Yvonne Har­g­reaves, Eu­roa, Vic­to­ria

Gardening Australia - - MAILBOX -

I in­her­ited a gre­vil­lea when I bought a unit last Septem­ber. It was badly out of shape, as it was up against two very old bot­tle­brushes, which we re­moved. We cut off all the dead limbs on one side, and quite a lot of new growth has ap­peared (right). What is the best way to prune it so I don’t lose the won­der­ful flow­ers, which the birds just love? It has flow­ered beau­ti­fully since Septem­ber. An­gus Ste­wart says You have done pre­cisely the right thing by prun­ing in spring, as there is a risk that if you prune now, you will en­cour­age soft new growth that is likely to be dam­aged by frost. Wait un­til next spring, when you can prune as hard as is nec­es­sary to cre­ate a more even shape. Look for sev­eral healthy new shoots or branches that will grow out to cre­ate an evenly shaped bush, then use a nice sharp prun­ing saw to cut just above th­ese at an an­gle, so that wa­ter can­not col­lect on the sub­se­quent wound. Be aware that a re­ally hard prune back to a bare stump tends to cre­ate a lot of veg­e­ta­tive growth, and so it may be a year or two be­fore that part of the plant starts to flower again.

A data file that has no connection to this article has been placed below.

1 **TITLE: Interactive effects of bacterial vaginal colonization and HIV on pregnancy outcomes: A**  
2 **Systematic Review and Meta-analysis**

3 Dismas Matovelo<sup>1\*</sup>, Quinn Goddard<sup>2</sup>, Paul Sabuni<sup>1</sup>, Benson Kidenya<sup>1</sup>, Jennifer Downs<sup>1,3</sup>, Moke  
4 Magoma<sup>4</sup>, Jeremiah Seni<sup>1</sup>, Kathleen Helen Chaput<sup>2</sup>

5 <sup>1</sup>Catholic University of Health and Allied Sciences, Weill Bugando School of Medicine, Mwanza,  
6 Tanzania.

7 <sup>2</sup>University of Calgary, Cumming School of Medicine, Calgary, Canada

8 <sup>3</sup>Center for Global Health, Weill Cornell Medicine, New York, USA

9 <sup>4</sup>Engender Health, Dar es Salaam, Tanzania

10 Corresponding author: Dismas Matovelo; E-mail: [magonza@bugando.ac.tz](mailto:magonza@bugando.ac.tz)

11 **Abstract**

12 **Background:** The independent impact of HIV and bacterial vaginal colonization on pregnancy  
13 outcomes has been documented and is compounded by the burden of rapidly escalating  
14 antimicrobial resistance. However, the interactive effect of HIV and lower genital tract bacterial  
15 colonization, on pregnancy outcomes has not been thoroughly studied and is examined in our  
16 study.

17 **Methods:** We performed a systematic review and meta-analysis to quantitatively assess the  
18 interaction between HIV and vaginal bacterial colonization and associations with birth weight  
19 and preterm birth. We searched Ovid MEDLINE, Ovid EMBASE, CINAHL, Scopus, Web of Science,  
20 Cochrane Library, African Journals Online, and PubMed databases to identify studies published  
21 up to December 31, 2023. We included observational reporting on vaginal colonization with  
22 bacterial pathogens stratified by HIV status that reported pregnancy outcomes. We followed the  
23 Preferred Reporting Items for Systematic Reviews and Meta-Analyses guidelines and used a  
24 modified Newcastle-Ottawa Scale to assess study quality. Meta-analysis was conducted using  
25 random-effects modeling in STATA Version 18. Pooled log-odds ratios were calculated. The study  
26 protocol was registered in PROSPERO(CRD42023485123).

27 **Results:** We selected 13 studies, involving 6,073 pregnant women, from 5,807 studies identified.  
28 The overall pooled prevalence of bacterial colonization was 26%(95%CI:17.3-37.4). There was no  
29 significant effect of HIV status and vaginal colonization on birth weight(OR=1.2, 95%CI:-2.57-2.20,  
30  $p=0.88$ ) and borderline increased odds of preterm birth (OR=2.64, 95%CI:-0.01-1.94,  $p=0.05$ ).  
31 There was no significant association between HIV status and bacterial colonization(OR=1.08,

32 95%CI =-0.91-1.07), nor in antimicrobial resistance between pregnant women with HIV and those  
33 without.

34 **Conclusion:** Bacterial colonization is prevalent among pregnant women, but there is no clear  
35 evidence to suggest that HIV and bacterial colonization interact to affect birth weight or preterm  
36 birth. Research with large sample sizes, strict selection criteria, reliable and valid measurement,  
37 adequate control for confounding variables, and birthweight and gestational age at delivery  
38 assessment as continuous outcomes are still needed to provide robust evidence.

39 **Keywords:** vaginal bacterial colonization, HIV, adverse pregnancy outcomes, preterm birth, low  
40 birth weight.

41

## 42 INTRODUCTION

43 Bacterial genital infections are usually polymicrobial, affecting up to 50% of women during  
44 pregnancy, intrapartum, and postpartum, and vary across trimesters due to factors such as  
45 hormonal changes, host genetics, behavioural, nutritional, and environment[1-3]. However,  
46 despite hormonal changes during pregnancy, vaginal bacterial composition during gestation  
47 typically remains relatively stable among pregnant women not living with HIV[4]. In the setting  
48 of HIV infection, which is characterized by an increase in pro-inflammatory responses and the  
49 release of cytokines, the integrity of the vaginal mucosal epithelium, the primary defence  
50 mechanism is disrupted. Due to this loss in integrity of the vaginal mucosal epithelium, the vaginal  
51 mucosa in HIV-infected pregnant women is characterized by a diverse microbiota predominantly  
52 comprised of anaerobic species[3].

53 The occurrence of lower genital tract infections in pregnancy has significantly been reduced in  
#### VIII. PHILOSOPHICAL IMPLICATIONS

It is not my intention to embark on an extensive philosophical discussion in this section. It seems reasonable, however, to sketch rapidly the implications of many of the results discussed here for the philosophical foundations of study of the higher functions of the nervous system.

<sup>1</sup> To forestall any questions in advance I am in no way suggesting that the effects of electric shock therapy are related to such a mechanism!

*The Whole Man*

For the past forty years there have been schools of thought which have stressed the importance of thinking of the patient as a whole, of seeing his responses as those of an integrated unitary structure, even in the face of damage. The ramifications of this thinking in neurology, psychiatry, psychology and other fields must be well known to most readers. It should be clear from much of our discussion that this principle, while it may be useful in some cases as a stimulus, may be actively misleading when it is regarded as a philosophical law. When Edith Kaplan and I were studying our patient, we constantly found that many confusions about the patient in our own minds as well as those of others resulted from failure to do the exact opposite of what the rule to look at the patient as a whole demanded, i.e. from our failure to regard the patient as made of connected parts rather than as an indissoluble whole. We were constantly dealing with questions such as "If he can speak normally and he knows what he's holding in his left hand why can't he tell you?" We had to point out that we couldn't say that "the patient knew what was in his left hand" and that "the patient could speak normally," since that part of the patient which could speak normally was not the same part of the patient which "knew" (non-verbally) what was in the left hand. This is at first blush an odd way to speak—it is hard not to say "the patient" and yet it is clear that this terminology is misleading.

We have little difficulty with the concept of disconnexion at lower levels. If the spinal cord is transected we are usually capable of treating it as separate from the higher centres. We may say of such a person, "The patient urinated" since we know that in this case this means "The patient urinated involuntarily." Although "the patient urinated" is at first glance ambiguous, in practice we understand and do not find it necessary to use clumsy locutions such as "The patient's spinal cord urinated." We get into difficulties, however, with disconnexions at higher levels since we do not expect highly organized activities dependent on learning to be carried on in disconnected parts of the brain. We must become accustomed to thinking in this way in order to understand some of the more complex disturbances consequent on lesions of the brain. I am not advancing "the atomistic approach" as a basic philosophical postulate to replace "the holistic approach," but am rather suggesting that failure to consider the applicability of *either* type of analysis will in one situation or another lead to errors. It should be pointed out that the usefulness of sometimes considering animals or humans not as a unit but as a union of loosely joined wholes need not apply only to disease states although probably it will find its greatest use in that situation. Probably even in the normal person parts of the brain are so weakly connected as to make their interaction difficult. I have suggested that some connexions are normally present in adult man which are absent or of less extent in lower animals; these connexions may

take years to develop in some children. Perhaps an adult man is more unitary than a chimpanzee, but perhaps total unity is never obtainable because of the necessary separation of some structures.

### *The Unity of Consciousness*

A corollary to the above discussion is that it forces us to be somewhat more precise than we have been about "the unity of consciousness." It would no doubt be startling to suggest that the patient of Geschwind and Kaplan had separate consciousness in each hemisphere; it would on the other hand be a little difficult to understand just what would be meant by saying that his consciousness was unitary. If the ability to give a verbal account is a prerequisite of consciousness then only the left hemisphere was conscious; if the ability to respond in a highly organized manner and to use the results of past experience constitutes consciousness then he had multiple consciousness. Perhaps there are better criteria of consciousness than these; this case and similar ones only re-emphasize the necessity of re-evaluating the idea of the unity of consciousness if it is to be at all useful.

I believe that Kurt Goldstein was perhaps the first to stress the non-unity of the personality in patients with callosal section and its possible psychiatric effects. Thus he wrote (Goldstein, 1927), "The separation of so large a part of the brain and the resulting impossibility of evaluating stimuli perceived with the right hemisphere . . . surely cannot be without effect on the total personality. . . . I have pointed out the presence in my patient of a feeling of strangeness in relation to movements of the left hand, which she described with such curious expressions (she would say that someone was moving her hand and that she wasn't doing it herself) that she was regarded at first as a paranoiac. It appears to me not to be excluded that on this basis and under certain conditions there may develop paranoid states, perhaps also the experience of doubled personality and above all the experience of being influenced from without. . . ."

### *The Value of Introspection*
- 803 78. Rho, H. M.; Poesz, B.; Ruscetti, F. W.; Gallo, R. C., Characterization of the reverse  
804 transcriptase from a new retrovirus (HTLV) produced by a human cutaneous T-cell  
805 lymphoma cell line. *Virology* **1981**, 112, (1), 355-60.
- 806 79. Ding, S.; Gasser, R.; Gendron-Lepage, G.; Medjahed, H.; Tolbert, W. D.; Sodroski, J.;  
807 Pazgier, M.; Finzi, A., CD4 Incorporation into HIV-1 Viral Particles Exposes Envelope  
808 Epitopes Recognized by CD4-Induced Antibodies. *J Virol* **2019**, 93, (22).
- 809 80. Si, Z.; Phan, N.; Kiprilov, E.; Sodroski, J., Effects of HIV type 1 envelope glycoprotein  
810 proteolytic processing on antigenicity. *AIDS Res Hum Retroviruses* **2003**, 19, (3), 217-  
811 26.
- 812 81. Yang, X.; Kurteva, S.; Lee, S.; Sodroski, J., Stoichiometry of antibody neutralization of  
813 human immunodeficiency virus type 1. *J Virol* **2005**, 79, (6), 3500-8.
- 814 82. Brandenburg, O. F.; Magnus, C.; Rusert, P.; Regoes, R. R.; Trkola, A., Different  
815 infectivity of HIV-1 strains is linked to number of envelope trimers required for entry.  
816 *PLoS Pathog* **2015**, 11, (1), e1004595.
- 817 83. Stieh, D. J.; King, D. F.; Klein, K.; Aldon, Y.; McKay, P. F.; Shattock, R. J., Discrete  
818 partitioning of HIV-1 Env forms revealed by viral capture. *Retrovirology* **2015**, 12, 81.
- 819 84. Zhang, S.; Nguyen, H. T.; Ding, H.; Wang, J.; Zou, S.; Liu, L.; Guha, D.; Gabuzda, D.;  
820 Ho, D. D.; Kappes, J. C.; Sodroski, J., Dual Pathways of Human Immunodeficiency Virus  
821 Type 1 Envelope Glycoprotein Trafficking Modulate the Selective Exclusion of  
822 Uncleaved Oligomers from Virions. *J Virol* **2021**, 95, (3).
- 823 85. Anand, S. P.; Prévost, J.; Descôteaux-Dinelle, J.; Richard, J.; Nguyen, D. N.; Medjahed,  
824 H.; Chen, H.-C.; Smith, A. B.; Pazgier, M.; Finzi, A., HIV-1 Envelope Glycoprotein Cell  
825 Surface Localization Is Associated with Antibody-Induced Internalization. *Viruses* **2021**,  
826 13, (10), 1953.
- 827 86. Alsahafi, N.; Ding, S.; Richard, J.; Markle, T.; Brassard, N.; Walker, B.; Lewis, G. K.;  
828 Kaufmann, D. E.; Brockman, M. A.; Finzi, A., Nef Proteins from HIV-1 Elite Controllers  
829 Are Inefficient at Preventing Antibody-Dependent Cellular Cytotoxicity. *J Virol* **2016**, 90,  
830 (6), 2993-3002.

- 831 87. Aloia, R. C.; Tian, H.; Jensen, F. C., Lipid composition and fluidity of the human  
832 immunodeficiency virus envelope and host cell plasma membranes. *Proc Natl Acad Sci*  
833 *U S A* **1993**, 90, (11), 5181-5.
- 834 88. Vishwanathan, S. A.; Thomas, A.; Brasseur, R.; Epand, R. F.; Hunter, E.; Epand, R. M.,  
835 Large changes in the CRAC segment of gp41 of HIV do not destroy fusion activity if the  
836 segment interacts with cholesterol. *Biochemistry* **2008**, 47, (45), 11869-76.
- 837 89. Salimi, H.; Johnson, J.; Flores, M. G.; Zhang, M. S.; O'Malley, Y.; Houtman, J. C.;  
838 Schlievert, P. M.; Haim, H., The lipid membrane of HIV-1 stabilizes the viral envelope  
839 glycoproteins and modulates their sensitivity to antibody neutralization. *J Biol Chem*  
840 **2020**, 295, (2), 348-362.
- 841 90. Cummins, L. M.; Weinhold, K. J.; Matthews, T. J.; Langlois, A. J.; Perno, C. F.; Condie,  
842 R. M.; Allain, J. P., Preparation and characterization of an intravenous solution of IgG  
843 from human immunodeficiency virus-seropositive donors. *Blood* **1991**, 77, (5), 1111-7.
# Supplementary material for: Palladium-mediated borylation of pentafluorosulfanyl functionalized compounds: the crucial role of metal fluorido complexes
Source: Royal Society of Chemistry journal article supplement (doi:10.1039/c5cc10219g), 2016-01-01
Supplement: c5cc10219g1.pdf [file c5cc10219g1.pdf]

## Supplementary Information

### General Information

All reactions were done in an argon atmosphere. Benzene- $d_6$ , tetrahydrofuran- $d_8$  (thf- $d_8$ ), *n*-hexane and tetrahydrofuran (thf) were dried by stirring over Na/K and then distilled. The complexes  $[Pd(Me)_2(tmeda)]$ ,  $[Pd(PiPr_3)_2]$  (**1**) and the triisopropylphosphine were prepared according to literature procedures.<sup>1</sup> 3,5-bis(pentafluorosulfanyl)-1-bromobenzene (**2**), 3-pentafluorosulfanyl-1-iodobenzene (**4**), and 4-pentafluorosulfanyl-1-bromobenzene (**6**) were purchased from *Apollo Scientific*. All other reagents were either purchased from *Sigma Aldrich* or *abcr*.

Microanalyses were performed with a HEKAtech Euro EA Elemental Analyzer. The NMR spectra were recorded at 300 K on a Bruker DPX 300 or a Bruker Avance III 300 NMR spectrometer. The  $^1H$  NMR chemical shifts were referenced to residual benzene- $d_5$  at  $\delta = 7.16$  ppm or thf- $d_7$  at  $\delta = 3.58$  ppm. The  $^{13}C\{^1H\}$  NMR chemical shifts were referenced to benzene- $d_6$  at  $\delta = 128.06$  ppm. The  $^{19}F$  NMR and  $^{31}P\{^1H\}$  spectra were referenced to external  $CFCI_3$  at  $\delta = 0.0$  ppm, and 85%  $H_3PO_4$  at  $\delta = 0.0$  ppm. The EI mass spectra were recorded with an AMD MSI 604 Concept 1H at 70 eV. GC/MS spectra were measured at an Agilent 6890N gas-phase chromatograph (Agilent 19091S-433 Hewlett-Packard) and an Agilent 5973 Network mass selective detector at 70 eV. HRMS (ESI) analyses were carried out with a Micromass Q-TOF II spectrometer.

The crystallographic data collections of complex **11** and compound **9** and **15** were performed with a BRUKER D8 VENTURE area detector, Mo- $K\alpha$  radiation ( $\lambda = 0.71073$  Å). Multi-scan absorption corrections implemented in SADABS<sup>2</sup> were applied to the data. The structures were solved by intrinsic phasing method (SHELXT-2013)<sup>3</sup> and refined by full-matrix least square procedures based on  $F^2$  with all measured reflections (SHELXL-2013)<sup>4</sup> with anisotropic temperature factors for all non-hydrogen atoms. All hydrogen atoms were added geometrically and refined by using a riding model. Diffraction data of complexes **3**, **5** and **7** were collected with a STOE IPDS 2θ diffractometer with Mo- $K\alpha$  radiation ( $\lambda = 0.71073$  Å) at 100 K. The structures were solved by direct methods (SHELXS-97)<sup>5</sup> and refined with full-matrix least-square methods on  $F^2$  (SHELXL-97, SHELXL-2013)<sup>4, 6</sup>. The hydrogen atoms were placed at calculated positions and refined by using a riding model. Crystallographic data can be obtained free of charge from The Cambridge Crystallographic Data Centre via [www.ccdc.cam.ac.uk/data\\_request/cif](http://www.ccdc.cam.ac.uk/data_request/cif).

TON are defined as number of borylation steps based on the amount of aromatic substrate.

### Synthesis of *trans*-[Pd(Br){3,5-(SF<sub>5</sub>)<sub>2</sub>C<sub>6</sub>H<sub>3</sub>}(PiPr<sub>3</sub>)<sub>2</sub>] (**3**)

At the same time as prun­ing, feed it with a hand­ful of low-phos­pho­rus na­tive plant fer­tiliser, and wa­ter it in well. As the gre­vil­lea grows back, you can also tip-prune the new shoots to en­cour­age ex­tra bushi­ness and even more flow­ers. Over time, those ex­tra shoots that form will flower at their ends and pro­duce the most spec­tac­u­lar dis­play pos­si­ble.

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